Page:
The SAFE Trust Fund application (Word document) is now open until 27 February 2015.
What is SAFE?
SAFE means Strengthening Accountability and the Fiduciary Environment. It is a Trust Fund group administered by the World Bank and established by the Swiss State Secretariat for Economic Affairs (SECO) and the European Commission with the aim of improving public financial management in the Europe and Central Asia region. This Trust Fund group provides support for activities to assess public financial management (PFM) performance, identify and implement actions to achieve improvements and share knowledge and good practices across countries in the region.
- public finance management
- public finance
- world bank
- Public Sector and Governance
- Private Sector Development
- Financial Sector
- Europe and Central Asia
- Macedonia, former Yugoslav Republic of
- Kyrgyz Republic
- Bosnia and Herzegovina
At times, I ask my friends in Nepal, why they would not launch a business, especially when they have funds. A common obstacle for everyone is that they say you have to bribe government officials to even open a business.
Turns out, this isn’t unique to Nepal. According to Drivers of Corruption, a report recently published by the World Bank,
. These charts are based on surveys of more than 13,000 firms in 135 countries, by World Bank Enterprise Surveys.
Check out these charts and tell us if you are surprised.
Base Erosion and Profit Shifting (BEPS) is a global problem which requires global solutions. BEPS refers to tax planning strategies that exploit gaps and mismatches in tax rules to artificially shift profits to low or no-tax locations where there is little or no economic activity, resulting in significant savings in corporate taxes. BEPS is of major significance for developing countries due to their heavy reliance on corporate income tax, particularly from multinational enterprises (MNEs).
On October 10th 2014, nearly 60 top ministry of finance and tax administration officials from all over the world gathered in Santiago de Compostela, Spain, for a workshop on tax base erosion and profit shifting and Automatic Exchange of Information (AEOI). The workshop was co-organized by CIAT, GIZ, OECD and the World Bank Group.
Strong and effective financial reporting rarely grabs headlines, but the vulnerabilities created by weak or ineffective systems of financial reporting certainly do – a number of well-publicised accounting scandals come quickly to mind.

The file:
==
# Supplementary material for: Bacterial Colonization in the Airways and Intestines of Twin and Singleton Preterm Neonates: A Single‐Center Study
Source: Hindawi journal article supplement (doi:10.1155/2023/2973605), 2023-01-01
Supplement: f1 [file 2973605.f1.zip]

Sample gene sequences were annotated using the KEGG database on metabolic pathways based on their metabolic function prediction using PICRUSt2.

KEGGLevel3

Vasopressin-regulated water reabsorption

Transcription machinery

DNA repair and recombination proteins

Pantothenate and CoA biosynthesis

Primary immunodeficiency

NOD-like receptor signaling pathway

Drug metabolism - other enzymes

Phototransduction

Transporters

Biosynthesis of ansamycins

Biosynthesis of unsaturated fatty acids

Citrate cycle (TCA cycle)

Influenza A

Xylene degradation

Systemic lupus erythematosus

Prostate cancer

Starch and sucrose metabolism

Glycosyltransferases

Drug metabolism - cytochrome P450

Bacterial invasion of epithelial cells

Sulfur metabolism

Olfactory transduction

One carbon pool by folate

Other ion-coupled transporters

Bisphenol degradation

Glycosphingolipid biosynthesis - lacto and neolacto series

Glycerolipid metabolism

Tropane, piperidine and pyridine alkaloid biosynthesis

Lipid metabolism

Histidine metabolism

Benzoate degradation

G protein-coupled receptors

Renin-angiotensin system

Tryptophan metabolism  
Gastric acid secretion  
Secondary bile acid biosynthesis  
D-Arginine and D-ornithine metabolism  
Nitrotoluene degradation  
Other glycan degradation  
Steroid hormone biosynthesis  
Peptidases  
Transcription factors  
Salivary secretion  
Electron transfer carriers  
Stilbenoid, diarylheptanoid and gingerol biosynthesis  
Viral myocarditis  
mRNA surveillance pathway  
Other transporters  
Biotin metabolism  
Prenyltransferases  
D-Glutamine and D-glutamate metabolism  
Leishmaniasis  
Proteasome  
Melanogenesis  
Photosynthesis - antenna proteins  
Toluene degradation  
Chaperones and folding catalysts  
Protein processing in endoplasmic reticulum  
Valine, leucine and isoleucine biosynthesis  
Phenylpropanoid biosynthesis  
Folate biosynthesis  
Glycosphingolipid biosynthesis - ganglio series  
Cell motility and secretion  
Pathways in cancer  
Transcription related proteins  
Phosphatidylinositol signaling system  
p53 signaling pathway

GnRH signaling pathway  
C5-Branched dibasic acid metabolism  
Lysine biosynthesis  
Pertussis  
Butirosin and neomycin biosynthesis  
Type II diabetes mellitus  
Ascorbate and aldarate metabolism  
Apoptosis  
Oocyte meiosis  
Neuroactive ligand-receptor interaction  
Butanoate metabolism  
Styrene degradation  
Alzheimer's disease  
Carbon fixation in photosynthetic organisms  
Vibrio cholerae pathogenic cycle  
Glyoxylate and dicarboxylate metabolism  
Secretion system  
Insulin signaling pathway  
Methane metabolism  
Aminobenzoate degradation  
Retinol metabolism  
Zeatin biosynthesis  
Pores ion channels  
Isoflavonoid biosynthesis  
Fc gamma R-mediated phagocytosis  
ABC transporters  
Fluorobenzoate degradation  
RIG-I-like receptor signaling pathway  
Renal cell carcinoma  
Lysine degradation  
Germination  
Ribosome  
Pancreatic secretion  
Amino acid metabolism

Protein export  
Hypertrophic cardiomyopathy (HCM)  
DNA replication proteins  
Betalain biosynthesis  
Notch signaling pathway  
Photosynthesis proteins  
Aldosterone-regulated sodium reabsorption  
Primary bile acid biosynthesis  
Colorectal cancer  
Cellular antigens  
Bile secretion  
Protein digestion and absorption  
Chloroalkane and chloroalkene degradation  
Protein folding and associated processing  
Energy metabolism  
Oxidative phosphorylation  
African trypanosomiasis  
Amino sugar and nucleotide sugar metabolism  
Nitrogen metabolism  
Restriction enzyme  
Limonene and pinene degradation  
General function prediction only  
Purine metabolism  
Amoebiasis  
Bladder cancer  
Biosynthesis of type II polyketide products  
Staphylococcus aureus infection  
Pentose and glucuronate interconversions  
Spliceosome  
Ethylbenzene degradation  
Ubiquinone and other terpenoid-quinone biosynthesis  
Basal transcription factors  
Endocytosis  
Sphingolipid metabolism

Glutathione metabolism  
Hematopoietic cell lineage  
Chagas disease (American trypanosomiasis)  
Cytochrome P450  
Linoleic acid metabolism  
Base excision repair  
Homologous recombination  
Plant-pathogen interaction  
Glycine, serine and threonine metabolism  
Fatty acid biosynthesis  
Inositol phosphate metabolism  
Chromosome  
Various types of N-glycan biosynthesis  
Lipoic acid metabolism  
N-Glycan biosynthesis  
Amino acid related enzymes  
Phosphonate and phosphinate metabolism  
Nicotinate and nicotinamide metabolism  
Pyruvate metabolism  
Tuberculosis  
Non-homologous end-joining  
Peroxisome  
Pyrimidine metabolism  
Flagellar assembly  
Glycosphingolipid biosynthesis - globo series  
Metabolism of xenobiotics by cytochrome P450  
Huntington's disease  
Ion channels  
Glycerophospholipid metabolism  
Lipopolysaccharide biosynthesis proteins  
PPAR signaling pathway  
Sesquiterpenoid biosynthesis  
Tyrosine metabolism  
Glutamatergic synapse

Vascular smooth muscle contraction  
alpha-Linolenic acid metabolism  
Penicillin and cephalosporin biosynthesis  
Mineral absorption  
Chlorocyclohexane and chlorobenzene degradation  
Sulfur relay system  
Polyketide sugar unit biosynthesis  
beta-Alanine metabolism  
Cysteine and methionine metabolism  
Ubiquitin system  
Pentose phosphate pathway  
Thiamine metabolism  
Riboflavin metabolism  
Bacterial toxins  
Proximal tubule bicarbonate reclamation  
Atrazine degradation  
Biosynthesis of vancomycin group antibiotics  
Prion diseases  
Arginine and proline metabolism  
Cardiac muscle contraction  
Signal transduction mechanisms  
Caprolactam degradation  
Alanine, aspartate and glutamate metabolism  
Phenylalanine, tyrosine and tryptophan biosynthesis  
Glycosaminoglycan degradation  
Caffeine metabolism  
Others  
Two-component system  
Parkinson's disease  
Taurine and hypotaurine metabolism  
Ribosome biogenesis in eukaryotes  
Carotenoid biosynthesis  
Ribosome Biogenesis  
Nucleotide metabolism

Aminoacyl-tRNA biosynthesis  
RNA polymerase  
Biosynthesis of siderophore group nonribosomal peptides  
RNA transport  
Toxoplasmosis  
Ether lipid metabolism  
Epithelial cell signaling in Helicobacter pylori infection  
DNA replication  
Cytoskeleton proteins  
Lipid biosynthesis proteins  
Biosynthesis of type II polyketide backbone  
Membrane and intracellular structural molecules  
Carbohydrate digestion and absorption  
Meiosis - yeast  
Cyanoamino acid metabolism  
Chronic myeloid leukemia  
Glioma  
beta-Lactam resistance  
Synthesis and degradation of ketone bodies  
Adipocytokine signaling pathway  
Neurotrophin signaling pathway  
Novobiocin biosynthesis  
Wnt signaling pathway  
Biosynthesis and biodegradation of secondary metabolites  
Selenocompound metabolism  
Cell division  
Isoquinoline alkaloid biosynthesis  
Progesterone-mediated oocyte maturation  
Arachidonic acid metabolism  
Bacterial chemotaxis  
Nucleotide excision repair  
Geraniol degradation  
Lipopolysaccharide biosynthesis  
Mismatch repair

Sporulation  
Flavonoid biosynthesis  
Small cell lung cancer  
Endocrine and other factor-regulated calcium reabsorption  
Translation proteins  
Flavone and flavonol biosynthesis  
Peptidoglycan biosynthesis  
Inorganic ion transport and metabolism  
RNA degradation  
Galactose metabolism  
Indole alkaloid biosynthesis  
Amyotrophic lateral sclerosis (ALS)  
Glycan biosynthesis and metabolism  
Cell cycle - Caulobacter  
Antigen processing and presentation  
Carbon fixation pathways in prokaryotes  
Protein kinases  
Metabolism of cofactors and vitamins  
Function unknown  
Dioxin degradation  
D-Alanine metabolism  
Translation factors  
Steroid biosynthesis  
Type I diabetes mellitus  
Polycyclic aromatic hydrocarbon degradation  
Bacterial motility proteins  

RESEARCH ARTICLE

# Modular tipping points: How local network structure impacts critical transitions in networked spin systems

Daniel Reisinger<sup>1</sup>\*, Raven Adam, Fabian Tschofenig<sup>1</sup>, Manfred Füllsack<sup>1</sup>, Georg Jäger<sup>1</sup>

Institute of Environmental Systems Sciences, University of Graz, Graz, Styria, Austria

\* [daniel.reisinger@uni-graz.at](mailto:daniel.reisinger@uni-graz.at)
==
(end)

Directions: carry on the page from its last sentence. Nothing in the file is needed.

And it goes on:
At the Governance Global Practice , with appropriate accountability frameworks that are effectively enforced.
Key to driving change in this area is the global accountancy profession and I am looking forward to meeting with leaders from many developing countries at the upcoming Accountancy Development for Results global event in Rome on November 10. This will take place on the occasion of the World Congress of Accountants.
, making their government data available to enable public scrutiny and citizen monitoring, and enhance government accountability. The Open Contracting community is devising Open Contracting Data Standard to enhance disclosure and participation in public contracting processes. In the U.S., the GovLab at New York University developed an OpenData500 project that has an interactive visualization of how U.S. companies are using government data for new business opportunities. It’s all a good start.
Despite all these developments on opening up data interaction, a critical question remains: how can we make sure that governments disburse public resources to those that need it most, and that public contracts are allocated in a transparent, accountable and efficient manner?
These questions might not be the typical things you would contemplate when eating a salad, but rapid urbanization and changes in climate, agricultural, and food production patterns are raising a host of alarming questions for many. How is the world going to sustainably feed more than 9 billion people by 2050, when farm lands are being converted into industrial and commercial use, and extreme weather events are jeopardizing our future resources?
This is a more daunting problem for China, where under-investment in the food industry and environmental pollution have aggravated the situation. A recent official Chinese government report issued by the Ministry of Environmental Protection and Ministry of Land and Resources shows that more than 16% of China’s soil and 19.4% of farm land is polluted, according to the state news agency Xinhua.